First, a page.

Margaret Atwood is a towering literary figure who needs little introduction. Perhaps worth noting in this context though is the fact that her work has garnered much interest among legal scholars, in particular The Handmaid’s Tale, a dystopian novel that depicts a Christian fundamentalist society in which reproduction is entirely state-controlled, and Alias Grace, a historical novel based on an 1843 murder case. But our focus next week will be her short story “Weight,” first published in her 1991 collection Wilderness Tips, which has at its centre two women, the narrator and her friend Molly, who attended law school at a time when women students were still an embattled minority, and bonded over shared feminist values and aspirations, but whose career paths and lives have diverged dramatically by the time the story begins.

Michele Martinez, formerly a federal prosecutor, is the author of a series of legal thrillers featuring Manhattan federal prosecutor Melanie Vargas. Vargas is also the protagonist of “The Mother,” a short story published in a 2009 anthology, in which she is forced to rethink an apparent legal victory after being confronted by the mother of a young man whom she is prosecuting for murder.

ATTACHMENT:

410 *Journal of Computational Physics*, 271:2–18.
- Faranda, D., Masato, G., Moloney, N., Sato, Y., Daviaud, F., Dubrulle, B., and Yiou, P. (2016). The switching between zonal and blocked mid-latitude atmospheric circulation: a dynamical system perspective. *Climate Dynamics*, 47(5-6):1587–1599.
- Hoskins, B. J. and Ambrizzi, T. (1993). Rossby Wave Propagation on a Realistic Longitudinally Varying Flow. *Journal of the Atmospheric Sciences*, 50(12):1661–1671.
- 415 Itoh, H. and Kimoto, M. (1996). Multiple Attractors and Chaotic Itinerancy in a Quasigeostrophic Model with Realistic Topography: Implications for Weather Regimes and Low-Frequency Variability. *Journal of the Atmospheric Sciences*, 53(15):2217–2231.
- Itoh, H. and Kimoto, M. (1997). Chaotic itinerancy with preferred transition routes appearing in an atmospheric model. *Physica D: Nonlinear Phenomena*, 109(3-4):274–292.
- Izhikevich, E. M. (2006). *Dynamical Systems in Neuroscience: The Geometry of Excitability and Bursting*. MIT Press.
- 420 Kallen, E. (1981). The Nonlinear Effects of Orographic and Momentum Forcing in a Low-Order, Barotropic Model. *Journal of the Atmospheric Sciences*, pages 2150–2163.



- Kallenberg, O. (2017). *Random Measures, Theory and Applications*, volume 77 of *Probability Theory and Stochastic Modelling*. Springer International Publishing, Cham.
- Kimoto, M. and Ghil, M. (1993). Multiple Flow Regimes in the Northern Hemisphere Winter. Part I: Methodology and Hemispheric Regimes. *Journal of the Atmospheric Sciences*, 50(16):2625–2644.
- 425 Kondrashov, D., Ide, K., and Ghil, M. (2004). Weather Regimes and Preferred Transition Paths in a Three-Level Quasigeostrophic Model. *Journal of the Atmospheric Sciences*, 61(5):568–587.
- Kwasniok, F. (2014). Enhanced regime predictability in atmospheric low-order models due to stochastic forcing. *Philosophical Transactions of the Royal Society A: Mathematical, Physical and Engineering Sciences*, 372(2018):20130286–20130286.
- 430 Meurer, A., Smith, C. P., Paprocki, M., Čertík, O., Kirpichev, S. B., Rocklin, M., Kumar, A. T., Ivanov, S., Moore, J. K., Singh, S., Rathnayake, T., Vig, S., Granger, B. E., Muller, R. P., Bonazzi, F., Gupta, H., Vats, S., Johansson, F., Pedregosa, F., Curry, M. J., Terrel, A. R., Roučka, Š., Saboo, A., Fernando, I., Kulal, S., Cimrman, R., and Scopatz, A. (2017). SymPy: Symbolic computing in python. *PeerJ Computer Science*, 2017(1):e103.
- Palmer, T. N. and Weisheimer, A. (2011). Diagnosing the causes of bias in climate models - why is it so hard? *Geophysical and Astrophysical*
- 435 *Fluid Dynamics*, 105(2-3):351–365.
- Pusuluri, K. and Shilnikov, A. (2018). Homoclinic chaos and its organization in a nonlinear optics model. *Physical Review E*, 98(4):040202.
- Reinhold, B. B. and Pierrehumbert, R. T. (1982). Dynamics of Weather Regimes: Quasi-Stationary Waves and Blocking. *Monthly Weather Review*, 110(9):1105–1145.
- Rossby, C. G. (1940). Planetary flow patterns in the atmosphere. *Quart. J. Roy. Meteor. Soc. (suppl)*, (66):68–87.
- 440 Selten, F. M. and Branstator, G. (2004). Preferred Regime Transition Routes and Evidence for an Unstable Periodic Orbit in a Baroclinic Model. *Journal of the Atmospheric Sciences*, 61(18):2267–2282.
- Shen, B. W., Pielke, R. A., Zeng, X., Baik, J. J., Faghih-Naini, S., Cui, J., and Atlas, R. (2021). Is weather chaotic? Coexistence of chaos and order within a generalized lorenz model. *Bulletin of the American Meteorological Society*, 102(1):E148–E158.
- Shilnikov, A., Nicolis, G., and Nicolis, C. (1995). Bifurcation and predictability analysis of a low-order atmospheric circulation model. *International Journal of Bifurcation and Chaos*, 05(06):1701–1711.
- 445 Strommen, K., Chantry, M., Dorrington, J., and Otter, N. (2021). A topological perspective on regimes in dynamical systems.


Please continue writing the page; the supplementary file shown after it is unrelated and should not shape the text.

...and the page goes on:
Ruthann Robson is a professor at CUNY School of Law as well as a fiction writer. She is an extraordinarily prolific writer in both realms, as well as an innovative one whose work might sometimes be characterized as falling somewhere in between the two. Her short stories and novels are peopled by a number of intriguing law student, law professor, and lawyer characters. “His Sister,” from her 2000 collection The Struggle for Happiness, focuses on Jolene Fields, director of the Criminal Defense Resource Center. As a law student, Fields had loved research and hated mooting, and finds herself now “amazed at the privilege of being able to ‘do’ criminal defense work and never walk into a courtroom.” But the story ultimately reveals her rather more complicated relationship to criminal law and with the criminal defense attorneys for whom she does research.

Osgoode folk who would like to join in a discussion of these three stories next week can find details about the meeting time and place on the IFLS blog.

Whether or not you’re able to join the discussion in person, I would be most grateful for any help you can provide in the comments below in my quest to compile a more comprehensive list of women lawyers in literature. In addition to those mentioned above there is Ruth Puttermesser from Cynthia Ozick’s The Puttermesser Papers; Judge Josie Jo Ford from children’s classic The Westing Game; an array of compelling women law students, lawyers, and judges in Lowell B. Komie’s short stories; criminal lawyer Cass Jameson from Carolyn Wheat’s mystery series; the lawyers of all-female firm Rosato & Associates featured in Lisa Scottoline’s series of legal thrillers; and, barristers Selena Jardine and Julia Larwood from Sarah Caudwell’s series of legal whodunnits. Who else?